Even under existing law, “two facts remain,” she added: “You cannot be under the influence of cannabis and go to work. Nothing in current law allows that. Additionally, you have the right to test your workers now.”

Committee member Sen. John Laird (D) said he thought the amended bill struck an appropriate balance.

“I always have a tough time with the slippery slope argument, because this seems like the right thing to do for this,” he said. “There were very animated discussions between the committee and the author, and I think both gave on things that they didn’t want to give on to get to the point of having amendments that the committee was comfortable with.”

Sen. Lola Smallwood Cuevas (D) said that “voters voted for Prop. 64, and it is now part of our society,” referring to the state’s marijuana legalization law.

“We’ve got to figure out the ways in which we integrate cannabis into our workplaces,” she said. We have to protect workers, particularly when we’re talking about an activity that is now illegal, and at some point we’re going to have to bring employers and unions and community together to figure this this piece out.”

“We just want to make sure people are not high at work,” she added, “but we don’t want to know what they did last weekend.”

While Smallwood Cuevas said she thought the bill should require the use of saliva swabs, which she said was a more accurate test of recent use, but overall said that she believed “we have to hold police who are armed accountable. And with that, I’m going to let the bill move forward today.”

Meanwhile in California, a second Senate committee approved a bill this week that would legalize psychedelic service centers where adults 21 and older could access psilocybin, MDMA, mescaline and DMT in a supervised environment with trained facilitators.

That bill, the Regulated Therapeutic Access to Psychedelics Act, has been drafted in a way intended to be responsive to concerns voiced by Gov. Gavin Newsom (D) last year when he vetoed a broader proposal that included provisions to legalize low-level possession of substances such as psilocybin.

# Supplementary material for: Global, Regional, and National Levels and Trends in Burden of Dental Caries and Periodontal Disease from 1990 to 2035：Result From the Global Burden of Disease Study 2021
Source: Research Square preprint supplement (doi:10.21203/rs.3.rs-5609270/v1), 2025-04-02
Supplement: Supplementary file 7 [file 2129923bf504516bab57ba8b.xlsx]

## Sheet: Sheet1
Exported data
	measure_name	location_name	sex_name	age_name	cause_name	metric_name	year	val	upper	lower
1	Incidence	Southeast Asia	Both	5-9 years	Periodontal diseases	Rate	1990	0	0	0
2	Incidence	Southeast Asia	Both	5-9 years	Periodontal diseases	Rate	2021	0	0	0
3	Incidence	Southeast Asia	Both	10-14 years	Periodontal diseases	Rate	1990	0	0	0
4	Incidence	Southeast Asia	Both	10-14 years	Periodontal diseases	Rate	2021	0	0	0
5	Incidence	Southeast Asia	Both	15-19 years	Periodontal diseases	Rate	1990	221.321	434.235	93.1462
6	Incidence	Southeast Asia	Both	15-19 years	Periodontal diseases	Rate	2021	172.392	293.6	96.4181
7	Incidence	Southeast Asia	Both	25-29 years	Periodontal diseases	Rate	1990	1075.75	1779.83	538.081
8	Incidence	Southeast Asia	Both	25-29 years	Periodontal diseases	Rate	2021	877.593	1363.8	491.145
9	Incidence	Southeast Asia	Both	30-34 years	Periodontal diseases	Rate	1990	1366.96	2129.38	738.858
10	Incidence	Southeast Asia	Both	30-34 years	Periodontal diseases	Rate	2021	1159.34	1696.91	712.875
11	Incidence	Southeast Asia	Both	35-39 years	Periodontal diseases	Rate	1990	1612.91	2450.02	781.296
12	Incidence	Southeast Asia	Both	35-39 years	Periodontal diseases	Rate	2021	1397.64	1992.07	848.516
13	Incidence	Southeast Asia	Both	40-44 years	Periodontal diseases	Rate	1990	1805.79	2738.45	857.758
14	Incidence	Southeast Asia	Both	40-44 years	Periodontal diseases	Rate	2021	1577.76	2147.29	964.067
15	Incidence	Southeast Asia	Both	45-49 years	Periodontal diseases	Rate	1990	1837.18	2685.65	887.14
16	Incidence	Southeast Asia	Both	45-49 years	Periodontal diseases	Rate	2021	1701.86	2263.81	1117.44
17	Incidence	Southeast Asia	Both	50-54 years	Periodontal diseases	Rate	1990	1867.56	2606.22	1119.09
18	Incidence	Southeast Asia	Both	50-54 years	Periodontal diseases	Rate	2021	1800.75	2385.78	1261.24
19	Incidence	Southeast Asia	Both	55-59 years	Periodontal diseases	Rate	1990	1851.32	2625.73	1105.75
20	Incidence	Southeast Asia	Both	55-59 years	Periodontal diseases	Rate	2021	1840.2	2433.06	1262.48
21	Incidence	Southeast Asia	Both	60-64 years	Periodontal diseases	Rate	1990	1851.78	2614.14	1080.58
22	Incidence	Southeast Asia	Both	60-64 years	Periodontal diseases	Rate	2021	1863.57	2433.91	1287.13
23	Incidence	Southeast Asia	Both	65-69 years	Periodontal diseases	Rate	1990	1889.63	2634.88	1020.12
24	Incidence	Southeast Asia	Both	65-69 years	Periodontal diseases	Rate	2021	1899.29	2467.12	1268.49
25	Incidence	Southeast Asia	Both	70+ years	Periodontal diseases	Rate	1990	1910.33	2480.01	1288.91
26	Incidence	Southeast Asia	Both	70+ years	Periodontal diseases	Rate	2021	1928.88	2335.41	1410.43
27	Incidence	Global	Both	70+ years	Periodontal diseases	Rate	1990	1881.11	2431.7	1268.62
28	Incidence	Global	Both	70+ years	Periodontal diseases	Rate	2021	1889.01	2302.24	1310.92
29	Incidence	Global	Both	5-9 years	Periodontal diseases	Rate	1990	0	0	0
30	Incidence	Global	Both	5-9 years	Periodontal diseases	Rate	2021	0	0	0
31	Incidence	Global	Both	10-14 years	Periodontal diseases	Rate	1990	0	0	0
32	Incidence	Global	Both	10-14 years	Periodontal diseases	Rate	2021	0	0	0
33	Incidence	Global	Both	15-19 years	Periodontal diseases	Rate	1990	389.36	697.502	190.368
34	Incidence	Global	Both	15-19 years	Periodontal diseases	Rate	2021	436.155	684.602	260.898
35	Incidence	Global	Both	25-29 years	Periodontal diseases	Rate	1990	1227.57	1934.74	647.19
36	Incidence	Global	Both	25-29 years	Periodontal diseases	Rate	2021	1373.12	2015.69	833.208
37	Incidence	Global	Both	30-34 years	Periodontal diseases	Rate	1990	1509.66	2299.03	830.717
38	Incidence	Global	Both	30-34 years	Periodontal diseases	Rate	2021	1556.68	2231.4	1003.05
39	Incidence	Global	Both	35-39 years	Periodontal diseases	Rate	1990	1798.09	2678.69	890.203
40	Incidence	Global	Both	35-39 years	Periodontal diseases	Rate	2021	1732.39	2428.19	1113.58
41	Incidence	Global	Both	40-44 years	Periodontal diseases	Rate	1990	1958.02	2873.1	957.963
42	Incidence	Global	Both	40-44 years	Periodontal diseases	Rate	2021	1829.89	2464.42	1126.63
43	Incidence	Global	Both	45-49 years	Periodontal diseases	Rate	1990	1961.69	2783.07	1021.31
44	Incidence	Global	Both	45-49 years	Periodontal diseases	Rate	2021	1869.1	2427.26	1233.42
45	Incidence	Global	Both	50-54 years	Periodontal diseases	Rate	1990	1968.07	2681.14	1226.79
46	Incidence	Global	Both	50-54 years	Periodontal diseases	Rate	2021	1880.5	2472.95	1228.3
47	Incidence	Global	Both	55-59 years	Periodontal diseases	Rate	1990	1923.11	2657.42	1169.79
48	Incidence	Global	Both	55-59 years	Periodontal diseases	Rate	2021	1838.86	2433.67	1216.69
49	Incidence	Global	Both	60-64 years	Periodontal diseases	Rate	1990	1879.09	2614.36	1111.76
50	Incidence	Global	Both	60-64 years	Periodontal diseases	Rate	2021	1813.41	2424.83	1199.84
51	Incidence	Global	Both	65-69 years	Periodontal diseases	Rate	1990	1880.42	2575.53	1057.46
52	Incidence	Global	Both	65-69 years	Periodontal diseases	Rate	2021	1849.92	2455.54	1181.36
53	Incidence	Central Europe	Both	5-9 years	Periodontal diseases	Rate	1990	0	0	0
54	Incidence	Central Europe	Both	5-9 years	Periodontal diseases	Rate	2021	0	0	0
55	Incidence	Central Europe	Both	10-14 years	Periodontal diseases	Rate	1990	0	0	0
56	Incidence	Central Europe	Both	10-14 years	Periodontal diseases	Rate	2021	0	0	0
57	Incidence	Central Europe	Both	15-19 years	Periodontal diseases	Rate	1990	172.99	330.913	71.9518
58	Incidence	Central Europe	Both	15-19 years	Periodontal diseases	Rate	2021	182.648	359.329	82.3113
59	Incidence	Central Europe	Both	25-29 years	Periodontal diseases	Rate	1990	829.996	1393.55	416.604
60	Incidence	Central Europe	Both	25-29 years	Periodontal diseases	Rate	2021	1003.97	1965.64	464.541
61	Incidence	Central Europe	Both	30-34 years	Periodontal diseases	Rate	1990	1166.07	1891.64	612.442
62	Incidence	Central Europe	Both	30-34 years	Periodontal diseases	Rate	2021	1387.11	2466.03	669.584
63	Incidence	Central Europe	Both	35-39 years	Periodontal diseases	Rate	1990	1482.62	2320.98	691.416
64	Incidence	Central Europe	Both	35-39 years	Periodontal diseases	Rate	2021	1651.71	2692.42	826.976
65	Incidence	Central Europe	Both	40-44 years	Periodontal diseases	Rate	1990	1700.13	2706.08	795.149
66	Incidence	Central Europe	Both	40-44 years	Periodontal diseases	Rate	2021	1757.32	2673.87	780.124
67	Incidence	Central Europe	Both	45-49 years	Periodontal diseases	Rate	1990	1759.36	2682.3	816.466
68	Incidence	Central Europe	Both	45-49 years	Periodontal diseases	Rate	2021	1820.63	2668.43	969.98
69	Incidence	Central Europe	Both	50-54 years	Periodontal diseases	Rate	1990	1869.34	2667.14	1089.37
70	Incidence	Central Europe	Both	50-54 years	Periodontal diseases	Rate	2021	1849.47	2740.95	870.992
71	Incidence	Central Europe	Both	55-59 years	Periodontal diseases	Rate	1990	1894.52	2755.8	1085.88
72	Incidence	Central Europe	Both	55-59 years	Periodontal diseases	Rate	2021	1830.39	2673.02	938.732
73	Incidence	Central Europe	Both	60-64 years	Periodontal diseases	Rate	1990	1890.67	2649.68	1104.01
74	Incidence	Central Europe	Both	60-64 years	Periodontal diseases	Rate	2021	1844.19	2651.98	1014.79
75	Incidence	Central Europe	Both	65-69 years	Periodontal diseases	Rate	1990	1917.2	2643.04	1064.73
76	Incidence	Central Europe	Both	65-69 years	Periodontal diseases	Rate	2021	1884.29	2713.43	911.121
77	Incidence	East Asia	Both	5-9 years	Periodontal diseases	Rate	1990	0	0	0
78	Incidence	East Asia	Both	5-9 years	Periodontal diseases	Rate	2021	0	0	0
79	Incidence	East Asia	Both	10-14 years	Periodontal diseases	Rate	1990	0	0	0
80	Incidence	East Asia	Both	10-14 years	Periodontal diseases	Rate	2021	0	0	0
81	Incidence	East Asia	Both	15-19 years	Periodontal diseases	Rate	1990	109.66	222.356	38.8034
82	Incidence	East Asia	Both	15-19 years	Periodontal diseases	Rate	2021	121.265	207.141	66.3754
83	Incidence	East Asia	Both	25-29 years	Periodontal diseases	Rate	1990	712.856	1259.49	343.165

Marijuana Moment is tracking more than 1,400 cannabis, psychedelics and drug policy bills in state legislatures and Congress this year. Patreon supporters pledging at least $25/month get access to our interactive maps, charts and hearing calendar so they don’t miss any developments.

Learn more about our marijuana bill tracker and become a supporter on Patreon to get access.

Assemblymember Marie Waldron (R), the lead on the Assembly side, is sponsoring a separate psychedelics bill focused on promoting research and creating a framework for the possibility of regulated therapeutic access that has already moved through the Assembly this year with unanimous support.

Separately, a California campaign to put psilocybin legalization on the state’s November ballot recently announced that it did not secure enough signature to qualify in time for a deadline.

Another campaign filed and then abruptly withdrew an initiative to create a $5 billion state agency tasked with funding and promoting psychedelics research last year.

A third campaign also entered the mix late last year, proposing to legalize the possession and cultivation of substances like psilocybin, LSD, MDMA, DMT, ibogaine and mescaline. People could buy them for therapeutic use with a doctor’s recommendation. Advocates for that measure still have time to gather and turn in signatures.

The California Legislative Analyst’s Office (LAO) has since released its review of that proposal, outlining not only the plan’s policy implications but also its potential fiscal impacts on the state—which the report calls “various” and “uncertain.”

Some California municipalities, meanwhile, are pushing forward with reform on the local level. The city of Eureka, for example, adopted a resolution in October to decriminalize psychedelic plants and fungi and make enforcement of laws against personal use, cultivation and possession a low priority for police. It’s at least the fifth local jurisdiction in the state to embrace the policy change. Others include San FranciscoOaklandSanta Cruz and Arcata.

State officials last month also awarded $12 million in marijuana tax-funded grants to cities across the state to support equity programs for people disproportionately impacted by the war on drugs.